One In Five Roadside Marijuana Tests May Be Inaccurate, Study Claims


Ben Taub


Ben Taub

Freelance Writer

Benjamin holds a Master's degree in anthropology from University College London and has worked in the fields of neuroscience research and mental health treatment.

Freelance Writer


Police are having trouble detecting THC in drivers' saliva. Image: Ferencik/Shutterstock

While legislation regarding medical and recreational cannabis use may have been relaxed in numerous countries over recent years, driving while stoned remains a criminal offense everywhere, and for good reason. However, enforcing this common-sense law is not as easy as it might sound, with new research indicating that roadside tests for marijuana are wildly inaccurate.

Tetrahydrocannabinol (THC), the main psychoactive compound in cannabis, has been found to slow reaction times and impair alertness in drivers, while also reducing their ability to drive in a straight line. Because of these and several other reasons, police in many jurisdictions carry roadside testing kits that are supposed to reveal if a person has any THC in their saliva.

However, an as yet unpublished paper by researchers at the University of Sydney found that the testing devices used by officers in New South Wales give false results 20 percent of the time. The study authors conducted an array of tests on hundreds of drivers who had been given varying concentrations of THC, to see how this affected their driving. When they then tested participants’ saliva, they were shocked at the imprecision of their results.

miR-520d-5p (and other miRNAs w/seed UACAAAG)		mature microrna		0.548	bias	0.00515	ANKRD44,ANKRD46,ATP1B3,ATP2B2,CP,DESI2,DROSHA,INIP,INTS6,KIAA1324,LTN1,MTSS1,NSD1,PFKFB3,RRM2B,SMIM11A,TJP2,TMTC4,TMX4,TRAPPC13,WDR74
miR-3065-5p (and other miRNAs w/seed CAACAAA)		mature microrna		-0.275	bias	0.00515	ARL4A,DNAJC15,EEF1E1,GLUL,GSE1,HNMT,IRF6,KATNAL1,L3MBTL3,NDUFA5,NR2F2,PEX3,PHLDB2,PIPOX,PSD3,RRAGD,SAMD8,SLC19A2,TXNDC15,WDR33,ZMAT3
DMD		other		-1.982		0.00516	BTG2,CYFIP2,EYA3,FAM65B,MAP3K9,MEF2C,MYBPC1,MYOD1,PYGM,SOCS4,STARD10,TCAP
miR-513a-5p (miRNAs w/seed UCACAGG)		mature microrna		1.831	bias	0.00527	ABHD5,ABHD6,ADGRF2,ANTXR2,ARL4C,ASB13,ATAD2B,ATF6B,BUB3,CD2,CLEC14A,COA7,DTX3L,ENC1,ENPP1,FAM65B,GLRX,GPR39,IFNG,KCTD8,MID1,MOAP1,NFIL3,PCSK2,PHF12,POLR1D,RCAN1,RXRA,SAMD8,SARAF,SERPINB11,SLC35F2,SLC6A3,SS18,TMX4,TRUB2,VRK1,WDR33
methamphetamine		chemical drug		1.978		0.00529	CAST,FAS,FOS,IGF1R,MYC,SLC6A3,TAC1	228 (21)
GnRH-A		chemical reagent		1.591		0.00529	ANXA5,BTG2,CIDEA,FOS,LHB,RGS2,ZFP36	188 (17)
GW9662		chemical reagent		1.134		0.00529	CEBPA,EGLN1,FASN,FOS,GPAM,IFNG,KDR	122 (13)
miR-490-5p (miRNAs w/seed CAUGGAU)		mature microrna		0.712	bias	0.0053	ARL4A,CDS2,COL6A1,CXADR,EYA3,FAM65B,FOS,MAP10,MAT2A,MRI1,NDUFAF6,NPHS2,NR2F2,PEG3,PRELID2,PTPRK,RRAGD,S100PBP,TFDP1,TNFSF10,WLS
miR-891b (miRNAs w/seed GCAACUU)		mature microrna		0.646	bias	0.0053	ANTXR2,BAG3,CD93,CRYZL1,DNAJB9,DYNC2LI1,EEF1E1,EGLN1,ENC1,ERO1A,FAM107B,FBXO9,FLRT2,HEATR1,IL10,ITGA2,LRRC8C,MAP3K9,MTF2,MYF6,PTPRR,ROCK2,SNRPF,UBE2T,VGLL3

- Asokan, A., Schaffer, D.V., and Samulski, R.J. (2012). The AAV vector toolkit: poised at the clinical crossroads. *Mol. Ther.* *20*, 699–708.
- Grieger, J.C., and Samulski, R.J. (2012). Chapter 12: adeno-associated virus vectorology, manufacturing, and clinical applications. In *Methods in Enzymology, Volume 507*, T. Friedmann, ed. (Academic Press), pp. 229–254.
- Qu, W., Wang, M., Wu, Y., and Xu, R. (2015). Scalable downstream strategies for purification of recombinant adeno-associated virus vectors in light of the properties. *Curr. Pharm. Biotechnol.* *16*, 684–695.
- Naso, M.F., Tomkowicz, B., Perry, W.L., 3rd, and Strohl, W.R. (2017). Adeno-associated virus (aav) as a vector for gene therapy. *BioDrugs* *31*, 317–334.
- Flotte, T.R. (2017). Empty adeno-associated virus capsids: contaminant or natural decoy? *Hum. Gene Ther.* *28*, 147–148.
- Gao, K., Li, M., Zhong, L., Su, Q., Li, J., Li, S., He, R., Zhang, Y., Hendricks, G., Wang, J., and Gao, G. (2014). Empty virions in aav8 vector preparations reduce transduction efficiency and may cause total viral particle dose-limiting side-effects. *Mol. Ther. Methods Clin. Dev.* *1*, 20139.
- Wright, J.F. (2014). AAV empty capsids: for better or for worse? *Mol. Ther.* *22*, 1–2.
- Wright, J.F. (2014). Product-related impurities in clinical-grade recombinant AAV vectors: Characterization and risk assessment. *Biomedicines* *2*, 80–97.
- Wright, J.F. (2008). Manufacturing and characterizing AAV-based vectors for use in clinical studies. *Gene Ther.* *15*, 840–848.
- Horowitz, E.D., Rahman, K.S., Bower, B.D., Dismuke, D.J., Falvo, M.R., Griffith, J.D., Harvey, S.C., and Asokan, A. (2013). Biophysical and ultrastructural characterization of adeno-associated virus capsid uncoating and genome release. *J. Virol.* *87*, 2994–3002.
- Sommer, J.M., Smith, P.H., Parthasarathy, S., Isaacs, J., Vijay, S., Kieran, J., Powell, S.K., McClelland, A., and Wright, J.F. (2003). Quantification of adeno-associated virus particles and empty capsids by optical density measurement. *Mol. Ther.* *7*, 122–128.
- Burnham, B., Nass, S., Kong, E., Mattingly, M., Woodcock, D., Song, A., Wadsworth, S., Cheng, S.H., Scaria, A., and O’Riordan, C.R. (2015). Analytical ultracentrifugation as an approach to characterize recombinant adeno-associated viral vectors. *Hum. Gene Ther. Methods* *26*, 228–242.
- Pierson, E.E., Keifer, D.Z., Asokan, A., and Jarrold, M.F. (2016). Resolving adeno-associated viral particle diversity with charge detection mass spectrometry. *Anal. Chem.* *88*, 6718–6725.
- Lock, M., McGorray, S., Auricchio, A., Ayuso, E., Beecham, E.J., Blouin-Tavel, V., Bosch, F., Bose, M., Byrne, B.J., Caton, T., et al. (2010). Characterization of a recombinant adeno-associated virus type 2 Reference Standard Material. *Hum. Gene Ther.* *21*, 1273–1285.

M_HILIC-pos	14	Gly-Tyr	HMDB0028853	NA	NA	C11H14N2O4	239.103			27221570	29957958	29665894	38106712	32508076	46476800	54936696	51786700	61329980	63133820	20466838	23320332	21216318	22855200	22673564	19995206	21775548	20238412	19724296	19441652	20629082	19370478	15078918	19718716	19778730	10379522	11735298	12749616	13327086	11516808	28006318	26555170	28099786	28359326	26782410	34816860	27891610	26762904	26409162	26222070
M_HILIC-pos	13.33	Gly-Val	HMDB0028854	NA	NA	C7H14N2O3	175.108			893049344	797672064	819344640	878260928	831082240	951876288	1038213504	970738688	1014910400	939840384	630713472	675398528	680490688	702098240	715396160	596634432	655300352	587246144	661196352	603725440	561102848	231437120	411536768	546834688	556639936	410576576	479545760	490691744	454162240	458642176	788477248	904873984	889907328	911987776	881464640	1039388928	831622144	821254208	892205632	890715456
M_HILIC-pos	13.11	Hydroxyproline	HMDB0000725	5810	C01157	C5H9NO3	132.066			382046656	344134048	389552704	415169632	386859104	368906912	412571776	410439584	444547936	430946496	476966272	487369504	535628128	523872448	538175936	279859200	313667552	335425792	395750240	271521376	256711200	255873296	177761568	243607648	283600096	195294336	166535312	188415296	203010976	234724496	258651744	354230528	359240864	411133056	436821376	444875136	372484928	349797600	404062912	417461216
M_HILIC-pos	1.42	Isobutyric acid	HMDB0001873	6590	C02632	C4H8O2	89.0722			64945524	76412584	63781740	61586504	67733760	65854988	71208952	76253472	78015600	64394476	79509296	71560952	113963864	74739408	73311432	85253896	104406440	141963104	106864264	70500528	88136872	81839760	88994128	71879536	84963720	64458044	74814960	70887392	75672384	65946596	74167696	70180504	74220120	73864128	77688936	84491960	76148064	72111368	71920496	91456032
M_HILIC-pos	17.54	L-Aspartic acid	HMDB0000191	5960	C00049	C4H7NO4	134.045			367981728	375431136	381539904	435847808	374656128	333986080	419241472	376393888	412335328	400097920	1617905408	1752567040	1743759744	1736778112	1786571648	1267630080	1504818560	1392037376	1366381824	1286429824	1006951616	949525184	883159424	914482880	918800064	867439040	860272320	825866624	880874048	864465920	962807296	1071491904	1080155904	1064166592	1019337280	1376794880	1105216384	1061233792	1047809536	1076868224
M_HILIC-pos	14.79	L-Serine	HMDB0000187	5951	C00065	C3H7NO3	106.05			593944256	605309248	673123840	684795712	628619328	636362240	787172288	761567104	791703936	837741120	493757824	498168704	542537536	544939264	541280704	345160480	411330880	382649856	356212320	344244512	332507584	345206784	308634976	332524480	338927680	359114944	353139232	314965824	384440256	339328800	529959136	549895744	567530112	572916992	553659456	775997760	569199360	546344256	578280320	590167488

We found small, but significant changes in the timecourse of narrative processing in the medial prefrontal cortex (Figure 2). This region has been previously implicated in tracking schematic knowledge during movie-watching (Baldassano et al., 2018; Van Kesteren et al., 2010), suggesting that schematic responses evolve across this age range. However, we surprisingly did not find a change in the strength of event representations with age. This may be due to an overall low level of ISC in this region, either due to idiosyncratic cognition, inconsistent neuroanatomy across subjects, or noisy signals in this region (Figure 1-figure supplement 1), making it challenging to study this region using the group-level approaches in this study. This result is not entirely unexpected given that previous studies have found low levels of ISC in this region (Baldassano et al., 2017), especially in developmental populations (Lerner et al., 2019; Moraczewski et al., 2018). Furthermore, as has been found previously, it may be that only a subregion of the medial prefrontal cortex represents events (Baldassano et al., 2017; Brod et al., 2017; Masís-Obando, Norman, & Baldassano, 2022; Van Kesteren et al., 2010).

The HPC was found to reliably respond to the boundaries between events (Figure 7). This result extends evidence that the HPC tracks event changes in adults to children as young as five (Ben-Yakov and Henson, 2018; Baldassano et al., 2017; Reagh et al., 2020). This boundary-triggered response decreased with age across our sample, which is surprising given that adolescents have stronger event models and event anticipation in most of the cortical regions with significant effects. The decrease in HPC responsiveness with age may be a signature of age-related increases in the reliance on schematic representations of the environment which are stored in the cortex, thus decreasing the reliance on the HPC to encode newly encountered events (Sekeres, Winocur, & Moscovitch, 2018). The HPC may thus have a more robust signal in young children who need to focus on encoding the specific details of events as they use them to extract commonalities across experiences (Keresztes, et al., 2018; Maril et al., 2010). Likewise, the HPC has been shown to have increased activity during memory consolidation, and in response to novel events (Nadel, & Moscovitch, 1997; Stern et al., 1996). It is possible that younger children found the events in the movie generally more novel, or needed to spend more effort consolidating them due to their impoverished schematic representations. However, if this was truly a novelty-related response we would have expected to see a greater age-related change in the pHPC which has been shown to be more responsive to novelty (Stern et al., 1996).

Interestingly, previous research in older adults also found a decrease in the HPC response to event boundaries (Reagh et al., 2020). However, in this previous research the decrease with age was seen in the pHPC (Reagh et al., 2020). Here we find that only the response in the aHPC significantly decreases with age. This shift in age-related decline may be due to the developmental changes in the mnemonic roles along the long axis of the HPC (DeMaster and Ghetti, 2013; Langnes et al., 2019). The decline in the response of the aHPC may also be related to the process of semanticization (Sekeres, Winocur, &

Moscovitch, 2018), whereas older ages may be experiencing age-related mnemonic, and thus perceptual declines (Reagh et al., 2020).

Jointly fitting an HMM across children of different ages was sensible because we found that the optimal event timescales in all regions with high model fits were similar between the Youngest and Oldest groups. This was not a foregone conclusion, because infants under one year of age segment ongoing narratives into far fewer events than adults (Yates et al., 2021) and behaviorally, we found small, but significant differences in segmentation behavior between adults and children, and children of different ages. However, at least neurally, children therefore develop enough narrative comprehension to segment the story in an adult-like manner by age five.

Speaking to ABC News, lead researcher Ian McGregor explained that “we had someone test positive for THC who was using a placebo,” while others who had ingested high concentrations of the compound tested negative.

This research follows on from a paper that appeared earlier this year in the journal Public Health, analyzing the performance of the eight most commonly used roadside testing devices. The authors found that on the whole, these kits were very bad at detecting high concentrations of THC in saliva, meaning people who are dangerously high could return a negative sample.

Furthermore, the tendency of these devices to detect cannabis in the saliva of those who have not smoked raises the possibility that they may be picking up THC from passive smoking. This had previously been thought impossible, and the results of this research therefore reveal just how much we don’t know about the drug’s interactions with the body.

For this reason, an Australian woman who tested positive for cannabis while driving recently had her charges dismissed after police couldn’t disprove her claims that she had ingested THC through passive smoking.

Most roadside testing devices are thought to be able to detect cannabis for up to four hours after use, and when someone tests positive, samples are sent to a laboratory for further examination. THC can remain detectable in urine for up to a month, in blood for around two weeks, and in hair for three months.

However, even these lab tests are not without their limitations, as one study found that marijuana smoke can get into the hair of nearby non-smokers. All things considered, it seems the best option is to just not drive.

[H/T: ABC News]


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  • Marijuana,

  • Cannabis,

  • cars,

  • THC,

  • drugs,

  • weed,

  • driving,

  • narcotics,

  • tetrahydrocannabinol